Lewis G. Sandy, MD; Steven A. Schroeder, MD
Sandy LG, Schroeder SA. Subspecialty Leadership at a Time of Specialty Excess. Ann Intern Med. 1994;121:805-806. doi: 10.7326/0003-4819-121-10-199411150-00012
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Published: Ann Intern Med. 1994;121(10):805-806.
A recent analysis suggests that the United States will face a surplus of 163 000 physicians by the end of the decade and that 85% of that surplus will be specialist physicians . Further, the growth of managed care organizations, which use physicians in proportion to the needs of a defined population, is putting relentless pressure on the market for physician services.
These marketplace dynamics have stimulated a major debate about how best to achieve a physician work force that meets the nation's needs. Arguments for active management of the physician work force, as opposed to relying solely on market forces, are compelling. First, decisions about choice of specialty are made early in medical training and are heavily influenced by the culture of academic medical centers—which emphasizes technologically intensive, highly specialized care. Second, practicing physicians face market forces that only incompletely penetrate the ivory tower to affect the size and composition of training programs. Third, the size and composition of training programs are driven primarily by service needs in hospitals, not larger societal goals. Fourth, the current Medicare subsidy for graduate medical education has no strings attached, allowing teaching hospitals to develop and expand training programs with ongoing taxpayer support. Fifth, existing antitrust statutes severely limit the capacity of organized medicine to voluntarily manage graduate medical education.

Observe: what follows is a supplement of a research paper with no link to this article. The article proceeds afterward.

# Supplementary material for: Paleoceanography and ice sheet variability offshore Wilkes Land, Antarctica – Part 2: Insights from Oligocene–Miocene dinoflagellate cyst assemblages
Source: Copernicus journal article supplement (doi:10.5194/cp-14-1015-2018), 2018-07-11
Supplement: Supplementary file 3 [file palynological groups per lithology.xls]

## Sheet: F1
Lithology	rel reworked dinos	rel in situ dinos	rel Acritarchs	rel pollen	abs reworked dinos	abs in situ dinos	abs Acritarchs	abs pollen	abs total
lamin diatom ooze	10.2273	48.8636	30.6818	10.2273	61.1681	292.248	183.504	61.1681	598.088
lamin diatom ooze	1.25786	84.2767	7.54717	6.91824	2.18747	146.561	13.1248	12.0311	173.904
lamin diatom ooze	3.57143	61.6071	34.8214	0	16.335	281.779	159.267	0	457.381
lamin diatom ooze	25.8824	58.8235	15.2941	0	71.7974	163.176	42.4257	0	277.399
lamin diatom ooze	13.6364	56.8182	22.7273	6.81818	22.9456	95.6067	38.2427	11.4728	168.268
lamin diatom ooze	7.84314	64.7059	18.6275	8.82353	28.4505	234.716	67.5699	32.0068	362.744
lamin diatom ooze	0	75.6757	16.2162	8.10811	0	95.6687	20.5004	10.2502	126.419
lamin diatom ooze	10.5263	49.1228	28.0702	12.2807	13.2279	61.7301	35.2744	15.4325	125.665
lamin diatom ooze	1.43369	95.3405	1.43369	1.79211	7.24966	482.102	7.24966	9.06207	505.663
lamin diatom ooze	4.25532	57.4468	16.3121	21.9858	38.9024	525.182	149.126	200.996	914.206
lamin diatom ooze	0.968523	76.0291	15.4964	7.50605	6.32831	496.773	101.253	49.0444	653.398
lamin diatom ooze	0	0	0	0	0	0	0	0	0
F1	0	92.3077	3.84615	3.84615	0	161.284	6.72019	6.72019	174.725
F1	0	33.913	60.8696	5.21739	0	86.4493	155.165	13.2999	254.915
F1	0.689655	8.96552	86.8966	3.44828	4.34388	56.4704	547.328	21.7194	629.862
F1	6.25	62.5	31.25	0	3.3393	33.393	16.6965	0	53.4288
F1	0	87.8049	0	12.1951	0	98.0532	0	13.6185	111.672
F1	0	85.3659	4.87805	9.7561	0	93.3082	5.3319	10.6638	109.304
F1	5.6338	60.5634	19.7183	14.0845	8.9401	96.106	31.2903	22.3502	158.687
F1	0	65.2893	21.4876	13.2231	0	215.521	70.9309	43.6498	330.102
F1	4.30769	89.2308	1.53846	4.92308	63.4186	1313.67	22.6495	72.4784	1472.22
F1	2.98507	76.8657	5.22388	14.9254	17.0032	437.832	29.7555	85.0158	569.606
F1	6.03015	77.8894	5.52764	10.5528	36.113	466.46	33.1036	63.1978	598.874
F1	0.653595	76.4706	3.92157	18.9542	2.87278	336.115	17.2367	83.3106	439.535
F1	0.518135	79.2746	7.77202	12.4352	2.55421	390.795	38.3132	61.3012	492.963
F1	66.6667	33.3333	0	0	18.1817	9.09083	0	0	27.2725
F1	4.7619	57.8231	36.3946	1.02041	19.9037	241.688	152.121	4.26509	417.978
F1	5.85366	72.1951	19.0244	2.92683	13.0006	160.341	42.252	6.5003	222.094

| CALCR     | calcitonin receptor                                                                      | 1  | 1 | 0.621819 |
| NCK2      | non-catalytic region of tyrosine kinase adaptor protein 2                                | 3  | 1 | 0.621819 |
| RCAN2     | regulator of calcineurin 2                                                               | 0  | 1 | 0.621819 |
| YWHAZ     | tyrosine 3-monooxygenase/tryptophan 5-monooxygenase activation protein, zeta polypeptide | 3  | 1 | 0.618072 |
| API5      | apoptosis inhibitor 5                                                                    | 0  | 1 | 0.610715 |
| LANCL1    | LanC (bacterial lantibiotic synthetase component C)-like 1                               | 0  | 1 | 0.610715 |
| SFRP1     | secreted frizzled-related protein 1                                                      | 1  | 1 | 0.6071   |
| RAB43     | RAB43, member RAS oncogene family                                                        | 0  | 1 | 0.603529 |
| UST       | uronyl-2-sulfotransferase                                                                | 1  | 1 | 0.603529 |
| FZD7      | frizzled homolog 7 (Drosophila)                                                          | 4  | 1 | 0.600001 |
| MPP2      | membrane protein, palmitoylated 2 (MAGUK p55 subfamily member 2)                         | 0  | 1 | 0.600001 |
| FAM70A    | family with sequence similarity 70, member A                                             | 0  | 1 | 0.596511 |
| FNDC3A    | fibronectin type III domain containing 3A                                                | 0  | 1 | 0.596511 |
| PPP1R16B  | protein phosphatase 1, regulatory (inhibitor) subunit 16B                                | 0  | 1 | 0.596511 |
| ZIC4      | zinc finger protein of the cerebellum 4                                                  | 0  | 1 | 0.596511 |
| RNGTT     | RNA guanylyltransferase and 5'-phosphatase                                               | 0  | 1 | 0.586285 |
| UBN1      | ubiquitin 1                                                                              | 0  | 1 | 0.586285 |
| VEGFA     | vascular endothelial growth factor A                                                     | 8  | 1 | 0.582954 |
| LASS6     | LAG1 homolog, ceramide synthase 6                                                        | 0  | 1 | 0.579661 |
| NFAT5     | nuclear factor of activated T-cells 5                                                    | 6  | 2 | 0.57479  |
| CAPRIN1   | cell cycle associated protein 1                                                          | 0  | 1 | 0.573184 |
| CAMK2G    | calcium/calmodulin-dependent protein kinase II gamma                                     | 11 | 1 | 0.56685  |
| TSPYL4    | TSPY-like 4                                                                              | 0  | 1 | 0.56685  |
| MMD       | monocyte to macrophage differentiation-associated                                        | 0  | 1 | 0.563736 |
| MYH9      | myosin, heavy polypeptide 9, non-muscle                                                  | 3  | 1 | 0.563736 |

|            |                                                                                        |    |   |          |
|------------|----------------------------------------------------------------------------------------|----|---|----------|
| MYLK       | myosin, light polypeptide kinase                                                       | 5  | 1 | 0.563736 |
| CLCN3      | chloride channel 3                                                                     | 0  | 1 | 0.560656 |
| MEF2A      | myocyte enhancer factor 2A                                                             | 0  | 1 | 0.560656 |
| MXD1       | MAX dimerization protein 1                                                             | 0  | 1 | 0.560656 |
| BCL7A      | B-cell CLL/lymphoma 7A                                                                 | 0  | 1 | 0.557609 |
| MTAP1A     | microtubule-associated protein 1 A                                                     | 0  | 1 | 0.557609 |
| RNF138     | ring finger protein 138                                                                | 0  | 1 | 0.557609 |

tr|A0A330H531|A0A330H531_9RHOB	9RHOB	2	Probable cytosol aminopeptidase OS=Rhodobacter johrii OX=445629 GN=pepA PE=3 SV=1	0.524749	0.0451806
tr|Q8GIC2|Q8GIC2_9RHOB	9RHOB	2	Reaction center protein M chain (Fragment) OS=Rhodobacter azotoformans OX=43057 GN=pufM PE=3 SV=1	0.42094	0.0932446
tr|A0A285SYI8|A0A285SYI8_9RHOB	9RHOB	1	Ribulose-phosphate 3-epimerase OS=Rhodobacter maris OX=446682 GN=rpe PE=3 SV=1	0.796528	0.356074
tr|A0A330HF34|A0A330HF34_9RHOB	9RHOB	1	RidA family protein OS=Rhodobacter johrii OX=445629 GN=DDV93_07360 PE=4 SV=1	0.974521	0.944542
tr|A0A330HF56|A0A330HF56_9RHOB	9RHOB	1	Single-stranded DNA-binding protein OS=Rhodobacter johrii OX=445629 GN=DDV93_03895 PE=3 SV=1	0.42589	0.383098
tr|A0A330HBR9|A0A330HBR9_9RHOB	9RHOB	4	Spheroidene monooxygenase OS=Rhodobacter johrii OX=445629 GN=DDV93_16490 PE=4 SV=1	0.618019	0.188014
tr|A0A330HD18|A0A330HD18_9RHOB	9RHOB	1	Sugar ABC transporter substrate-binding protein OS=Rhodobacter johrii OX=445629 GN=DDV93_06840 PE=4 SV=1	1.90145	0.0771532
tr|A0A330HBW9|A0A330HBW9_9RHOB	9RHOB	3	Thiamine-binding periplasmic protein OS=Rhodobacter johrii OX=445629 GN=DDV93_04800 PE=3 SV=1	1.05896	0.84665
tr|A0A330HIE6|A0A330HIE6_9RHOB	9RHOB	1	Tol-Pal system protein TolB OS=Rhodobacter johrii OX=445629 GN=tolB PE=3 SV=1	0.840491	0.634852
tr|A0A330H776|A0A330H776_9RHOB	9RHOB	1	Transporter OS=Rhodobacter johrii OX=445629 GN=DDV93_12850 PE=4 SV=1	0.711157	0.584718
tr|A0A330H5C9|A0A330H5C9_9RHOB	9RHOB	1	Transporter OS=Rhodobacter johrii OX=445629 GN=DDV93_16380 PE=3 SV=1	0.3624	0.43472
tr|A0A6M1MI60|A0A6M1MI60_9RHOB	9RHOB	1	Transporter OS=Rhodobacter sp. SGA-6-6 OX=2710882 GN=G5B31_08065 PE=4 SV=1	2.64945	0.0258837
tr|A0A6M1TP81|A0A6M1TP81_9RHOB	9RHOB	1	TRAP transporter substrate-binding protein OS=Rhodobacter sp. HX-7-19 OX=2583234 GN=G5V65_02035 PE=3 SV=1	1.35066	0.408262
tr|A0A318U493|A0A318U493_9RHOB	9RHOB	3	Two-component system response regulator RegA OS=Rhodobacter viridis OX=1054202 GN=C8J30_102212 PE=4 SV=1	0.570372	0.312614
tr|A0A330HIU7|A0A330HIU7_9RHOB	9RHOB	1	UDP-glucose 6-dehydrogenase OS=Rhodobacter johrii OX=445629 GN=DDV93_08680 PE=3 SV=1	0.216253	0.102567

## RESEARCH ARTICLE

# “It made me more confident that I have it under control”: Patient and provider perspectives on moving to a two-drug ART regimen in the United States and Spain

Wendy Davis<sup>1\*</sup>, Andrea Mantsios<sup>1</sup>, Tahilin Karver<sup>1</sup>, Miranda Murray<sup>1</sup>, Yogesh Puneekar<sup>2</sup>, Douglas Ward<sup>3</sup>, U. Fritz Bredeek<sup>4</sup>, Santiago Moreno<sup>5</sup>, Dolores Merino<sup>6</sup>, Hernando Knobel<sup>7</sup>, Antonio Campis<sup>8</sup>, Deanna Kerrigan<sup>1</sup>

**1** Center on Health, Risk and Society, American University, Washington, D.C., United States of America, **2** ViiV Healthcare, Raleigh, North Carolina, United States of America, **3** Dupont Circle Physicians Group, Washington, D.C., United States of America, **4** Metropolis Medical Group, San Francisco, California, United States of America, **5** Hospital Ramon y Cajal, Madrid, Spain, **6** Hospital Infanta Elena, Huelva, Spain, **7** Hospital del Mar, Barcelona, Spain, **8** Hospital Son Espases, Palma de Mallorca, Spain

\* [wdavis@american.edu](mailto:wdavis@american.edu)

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Hospital Medicine, Education and Training, Healthcare Delivery and Policy.
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Print ISSN: 0003-4819 | Online ISSN: 1539-3704
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